Synchronous execution usually refers to code executing in sequence. Asynchronous execution refers to execution that doesn't run in the sequence it appears in the code. In the following example, the synchronous operation causes the alerts to fire in sequence. In the async operation, while
alert(2) appears to execute second, it doesn't.
// Synchronous: 1,2,3 alert(1); alert(2); alert(3); // Asynchronous: 1,3,2 alert(1); setTimeout(() => alert(2), 0); alert(3);
Blocking refers to operations that block further execution until that operation finishes. Non-blocking refers to code that doesn't block execution. In the given example,
localStorage is a blocking operation as it stalls execution to read. On the other hand,
fetch is a non-blocking operation as it does not stall
alert(3) from execution.
// Blocking: 1,... 2 alert(1); var value = localStorage.getItem('foo'); alert(2); // Non-blocking: 1, 3,... 2 alert(1); fetch('example.com').then(() => alert(2)); alert(3);
One advantage of non-blocking, asynchronous operations is that you can maximize the usage of a single CPU as well as memory.
An example of synchronous, blocking operations is how some web servers like ones in Java or PHP handle IO or network requests. If your code reads from a file or the database, your code "blocks" everything after it from executing. In that period, your machine is holding onto memory and processing time for a thread that isn't doing anything.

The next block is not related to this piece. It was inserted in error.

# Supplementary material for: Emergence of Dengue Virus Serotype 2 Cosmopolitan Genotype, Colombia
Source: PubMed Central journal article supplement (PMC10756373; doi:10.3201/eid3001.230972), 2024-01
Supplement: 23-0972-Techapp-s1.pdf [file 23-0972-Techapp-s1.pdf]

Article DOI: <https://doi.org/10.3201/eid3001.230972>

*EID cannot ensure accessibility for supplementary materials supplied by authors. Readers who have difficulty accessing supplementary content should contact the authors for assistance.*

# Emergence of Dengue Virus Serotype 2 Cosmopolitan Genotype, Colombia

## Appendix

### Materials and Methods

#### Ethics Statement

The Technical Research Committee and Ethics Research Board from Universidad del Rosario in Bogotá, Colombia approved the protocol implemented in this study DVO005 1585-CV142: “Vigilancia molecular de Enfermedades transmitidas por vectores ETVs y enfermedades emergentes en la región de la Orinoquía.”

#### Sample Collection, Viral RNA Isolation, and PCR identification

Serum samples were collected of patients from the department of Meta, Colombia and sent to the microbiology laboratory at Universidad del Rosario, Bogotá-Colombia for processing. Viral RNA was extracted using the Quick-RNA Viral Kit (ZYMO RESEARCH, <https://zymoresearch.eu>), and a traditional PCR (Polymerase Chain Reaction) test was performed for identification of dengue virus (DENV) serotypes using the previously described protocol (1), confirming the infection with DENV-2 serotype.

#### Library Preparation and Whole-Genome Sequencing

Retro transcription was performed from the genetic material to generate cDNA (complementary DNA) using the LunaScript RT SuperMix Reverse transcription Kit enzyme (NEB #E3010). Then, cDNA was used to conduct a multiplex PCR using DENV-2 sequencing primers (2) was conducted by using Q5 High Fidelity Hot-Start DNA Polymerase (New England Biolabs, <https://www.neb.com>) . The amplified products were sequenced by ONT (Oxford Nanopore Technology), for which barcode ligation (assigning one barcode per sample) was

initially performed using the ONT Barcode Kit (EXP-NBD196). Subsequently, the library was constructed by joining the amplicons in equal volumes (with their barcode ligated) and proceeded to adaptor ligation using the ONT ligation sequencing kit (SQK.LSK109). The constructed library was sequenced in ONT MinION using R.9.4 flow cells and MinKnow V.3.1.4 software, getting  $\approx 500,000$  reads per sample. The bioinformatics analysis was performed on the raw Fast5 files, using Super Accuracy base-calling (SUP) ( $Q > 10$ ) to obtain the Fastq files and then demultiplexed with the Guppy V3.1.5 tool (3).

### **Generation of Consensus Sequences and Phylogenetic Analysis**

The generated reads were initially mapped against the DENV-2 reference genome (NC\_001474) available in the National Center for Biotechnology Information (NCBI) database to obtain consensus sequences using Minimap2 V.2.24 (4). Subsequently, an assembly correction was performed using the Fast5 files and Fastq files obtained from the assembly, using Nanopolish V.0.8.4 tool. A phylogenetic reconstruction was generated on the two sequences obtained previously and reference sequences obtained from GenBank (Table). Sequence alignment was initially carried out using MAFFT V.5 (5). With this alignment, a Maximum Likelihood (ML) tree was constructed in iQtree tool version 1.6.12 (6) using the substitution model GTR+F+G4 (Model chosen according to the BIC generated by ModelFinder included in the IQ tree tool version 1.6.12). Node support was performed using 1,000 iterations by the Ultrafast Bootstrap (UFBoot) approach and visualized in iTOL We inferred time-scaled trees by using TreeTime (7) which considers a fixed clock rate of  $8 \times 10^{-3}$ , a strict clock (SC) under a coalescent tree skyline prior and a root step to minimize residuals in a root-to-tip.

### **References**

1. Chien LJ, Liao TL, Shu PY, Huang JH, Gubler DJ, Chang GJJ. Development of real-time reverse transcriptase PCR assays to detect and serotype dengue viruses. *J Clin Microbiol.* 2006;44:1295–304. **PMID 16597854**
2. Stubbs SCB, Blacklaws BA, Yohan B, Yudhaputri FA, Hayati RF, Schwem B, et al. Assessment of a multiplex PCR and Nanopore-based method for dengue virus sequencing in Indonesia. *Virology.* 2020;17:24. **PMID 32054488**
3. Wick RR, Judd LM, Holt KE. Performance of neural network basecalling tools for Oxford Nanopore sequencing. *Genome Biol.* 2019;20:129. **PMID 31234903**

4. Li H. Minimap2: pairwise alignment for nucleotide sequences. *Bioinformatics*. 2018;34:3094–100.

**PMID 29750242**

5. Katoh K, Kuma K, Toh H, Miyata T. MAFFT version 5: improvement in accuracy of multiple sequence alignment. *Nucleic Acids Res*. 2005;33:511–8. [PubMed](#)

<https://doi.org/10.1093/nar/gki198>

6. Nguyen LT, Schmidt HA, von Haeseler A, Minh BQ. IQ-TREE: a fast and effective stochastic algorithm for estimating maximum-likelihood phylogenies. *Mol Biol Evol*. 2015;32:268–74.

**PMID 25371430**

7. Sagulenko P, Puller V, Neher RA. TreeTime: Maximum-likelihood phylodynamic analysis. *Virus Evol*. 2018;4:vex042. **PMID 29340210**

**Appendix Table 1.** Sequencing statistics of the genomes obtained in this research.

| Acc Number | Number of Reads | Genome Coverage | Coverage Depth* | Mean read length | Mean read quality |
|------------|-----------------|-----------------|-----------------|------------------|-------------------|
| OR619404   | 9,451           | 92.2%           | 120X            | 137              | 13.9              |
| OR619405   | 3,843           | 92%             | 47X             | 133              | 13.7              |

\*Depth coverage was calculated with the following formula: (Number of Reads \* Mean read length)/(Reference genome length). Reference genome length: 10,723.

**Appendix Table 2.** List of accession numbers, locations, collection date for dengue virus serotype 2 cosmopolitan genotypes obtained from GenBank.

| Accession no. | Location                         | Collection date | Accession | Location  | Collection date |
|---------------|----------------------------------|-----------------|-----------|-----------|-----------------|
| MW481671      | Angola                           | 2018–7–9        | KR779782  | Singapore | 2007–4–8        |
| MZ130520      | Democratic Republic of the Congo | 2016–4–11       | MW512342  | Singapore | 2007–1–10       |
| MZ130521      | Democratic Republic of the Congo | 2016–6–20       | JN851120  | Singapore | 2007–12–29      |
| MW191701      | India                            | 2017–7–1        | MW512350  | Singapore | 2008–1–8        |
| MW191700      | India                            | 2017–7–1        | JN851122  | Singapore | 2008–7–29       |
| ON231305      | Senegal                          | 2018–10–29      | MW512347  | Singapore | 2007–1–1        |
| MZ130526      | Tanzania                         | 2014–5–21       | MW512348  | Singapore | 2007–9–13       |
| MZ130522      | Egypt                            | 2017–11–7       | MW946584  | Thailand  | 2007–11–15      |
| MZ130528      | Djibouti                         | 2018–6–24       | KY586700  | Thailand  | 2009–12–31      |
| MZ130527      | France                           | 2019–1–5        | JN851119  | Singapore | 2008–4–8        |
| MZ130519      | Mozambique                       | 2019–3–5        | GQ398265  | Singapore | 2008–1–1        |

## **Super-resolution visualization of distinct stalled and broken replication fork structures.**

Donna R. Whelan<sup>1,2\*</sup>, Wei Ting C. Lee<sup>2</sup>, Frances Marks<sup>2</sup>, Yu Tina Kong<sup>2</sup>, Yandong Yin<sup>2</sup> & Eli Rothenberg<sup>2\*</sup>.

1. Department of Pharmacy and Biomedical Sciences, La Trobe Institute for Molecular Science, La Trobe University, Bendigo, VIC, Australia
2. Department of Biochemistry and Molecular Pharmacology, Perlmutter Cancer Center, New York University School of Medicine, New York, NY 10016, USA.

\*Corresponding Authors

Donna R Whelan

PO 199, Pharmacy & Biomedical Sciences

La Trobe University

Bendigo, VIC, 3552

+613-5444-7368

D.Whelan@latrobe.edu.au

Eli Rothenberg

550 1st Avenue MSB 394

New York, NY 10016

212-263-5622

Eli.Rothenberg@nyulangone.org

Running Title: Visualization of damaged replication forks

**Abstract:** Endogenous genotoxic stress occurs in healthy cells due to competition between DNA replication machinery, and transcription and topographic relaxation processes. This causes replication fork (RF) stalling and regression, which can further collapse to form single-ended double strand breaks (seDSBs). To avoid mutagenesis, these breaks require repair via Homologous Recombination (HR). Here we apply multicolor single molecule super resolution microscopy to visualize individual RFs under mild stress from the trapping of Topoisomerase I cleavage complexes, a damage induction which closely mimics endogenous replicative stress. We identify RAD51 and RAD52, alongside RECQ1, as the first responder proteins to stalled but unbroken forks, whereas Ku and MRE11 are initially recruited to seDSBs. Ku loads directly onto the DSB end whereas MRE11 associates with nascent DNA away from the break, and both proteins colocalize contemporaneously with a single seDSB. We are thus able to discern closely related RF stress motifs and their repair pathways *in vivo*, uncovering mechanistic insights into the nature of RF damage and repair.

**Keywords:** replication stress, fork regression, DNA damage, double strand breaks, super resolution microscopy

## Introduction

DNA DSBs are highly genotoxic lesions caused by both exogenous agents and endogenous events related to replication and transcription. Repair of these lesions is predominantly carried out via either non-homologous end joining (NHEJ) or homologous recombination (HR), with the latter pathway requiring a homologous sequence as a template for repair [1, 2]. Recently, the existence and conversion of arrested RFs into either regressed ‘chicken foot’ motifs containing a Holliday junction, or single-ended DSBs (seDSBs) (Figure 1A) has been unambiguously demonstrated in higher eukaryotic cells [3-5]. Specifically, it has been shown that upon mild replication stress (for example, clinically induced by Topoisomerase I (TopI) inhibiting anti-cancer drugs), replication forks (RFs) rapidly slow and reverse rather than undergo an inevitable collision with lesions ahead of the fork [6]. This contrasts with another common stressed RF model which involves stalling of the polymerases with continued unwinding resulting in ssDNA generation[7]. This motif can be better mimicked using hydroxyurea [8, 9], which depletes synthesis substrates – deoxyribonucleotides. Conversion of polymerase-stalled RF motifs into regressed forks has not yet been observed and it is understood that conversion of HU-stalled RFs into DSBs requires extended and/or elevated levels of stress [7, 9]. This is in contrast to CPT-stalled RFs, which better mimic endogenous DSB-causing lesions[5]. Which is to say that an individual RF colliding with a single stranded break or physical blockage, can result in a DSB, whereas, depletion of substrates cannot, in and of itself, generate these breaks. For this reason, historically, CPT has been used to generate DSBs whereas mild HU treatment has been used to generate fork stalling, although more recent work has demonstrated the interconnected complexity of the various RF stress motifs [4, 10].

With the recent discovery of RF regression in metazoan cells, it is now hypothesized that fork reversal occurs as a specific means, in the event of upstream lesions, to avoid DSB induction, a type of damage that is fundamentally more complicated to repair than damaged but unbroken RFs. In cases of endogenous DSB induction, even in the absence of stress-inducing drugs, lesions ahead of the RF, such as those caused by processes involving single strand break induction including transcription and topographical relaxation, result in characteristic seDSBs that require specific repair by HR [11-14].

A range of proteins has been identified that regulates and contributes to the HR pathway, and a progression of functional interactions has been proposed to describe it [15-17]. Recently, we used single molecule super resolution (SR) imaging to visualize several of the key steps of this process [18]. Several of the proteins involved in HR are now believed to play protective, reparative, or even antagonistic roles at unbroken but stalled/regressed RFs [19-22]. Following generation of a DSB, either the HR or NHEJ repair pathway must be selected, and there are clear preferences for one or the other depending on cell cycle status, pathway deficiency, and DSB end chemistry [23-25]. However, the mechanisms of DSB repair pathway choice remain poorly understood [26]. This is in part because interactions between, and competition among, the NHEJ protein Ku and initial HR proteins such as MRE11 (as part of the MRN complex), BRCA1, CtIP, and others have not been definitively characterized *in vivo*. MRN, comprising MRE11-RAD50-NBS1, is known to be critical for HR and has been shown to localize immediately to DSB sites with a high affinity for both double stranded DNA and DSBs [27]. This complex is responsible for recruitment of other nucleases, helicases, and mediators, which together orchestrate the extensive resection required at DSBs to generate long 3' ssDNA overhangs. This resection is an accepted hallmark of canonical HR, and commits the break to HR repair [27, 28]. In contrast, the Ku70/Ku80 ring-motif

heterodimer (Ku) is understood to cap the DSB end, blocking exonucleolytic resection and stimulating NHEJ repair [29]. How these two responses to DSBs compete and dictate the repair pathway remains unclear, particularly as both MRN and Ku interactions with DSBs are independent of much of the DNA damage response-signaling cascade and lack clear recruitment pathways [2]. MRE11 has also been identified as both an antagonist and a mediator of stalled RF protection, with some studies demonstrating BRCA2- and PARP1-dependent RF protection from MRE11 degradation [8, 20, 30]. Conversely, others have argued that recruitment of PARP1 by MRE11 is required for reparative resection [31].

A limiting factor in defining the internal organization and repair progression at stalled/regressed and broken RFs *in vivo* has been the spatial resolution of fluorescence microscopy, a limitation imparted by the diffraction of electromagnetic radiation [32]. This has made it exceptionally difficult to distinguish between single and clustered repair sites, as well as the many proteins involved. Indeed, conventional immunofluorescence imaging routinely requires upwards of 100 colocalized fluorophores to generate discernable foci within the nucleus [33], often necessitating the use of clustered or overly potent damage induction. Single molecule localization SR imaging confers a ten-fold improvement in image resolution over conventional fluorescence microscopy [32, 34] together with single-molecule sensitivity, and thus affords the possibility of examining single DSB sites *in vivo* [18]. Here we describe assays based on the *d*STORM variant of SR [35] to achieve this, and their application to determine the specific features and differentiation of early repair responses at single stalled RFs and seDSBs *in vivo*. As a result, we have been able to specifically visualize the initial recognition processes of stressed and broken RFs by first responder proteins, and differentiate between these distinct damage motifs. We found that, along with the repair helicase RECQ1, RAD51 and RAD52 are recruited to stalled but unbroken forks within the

In order to cater other requests while that thread has stalled depends on your software. What most server software do is spawn more threads to cater the additional requests. This requires more memory consumed and more processing.
Asynchronous, non-blocking servers like ones ones made in Node, only use one thread to service all requests. This means an instance of Node makes the most out of a single thread. The creators designed it with the premise that the I/O and network operations are the bottleneck.
When requests arrive at the server, they are serviced one at a time. However, when the code serviced needs to query the DB for example, it sends the callback to a second queue and the main thread will continue running (it doesn't wait). Now when the DB operation completes and returns, the corresponding callback pulled out of the second queue and queued in a third queue where they are pending execution. When the engine gets a chance to execute something else (like when the execution stack is emptied), it picks up a callback from the third queue and executes it.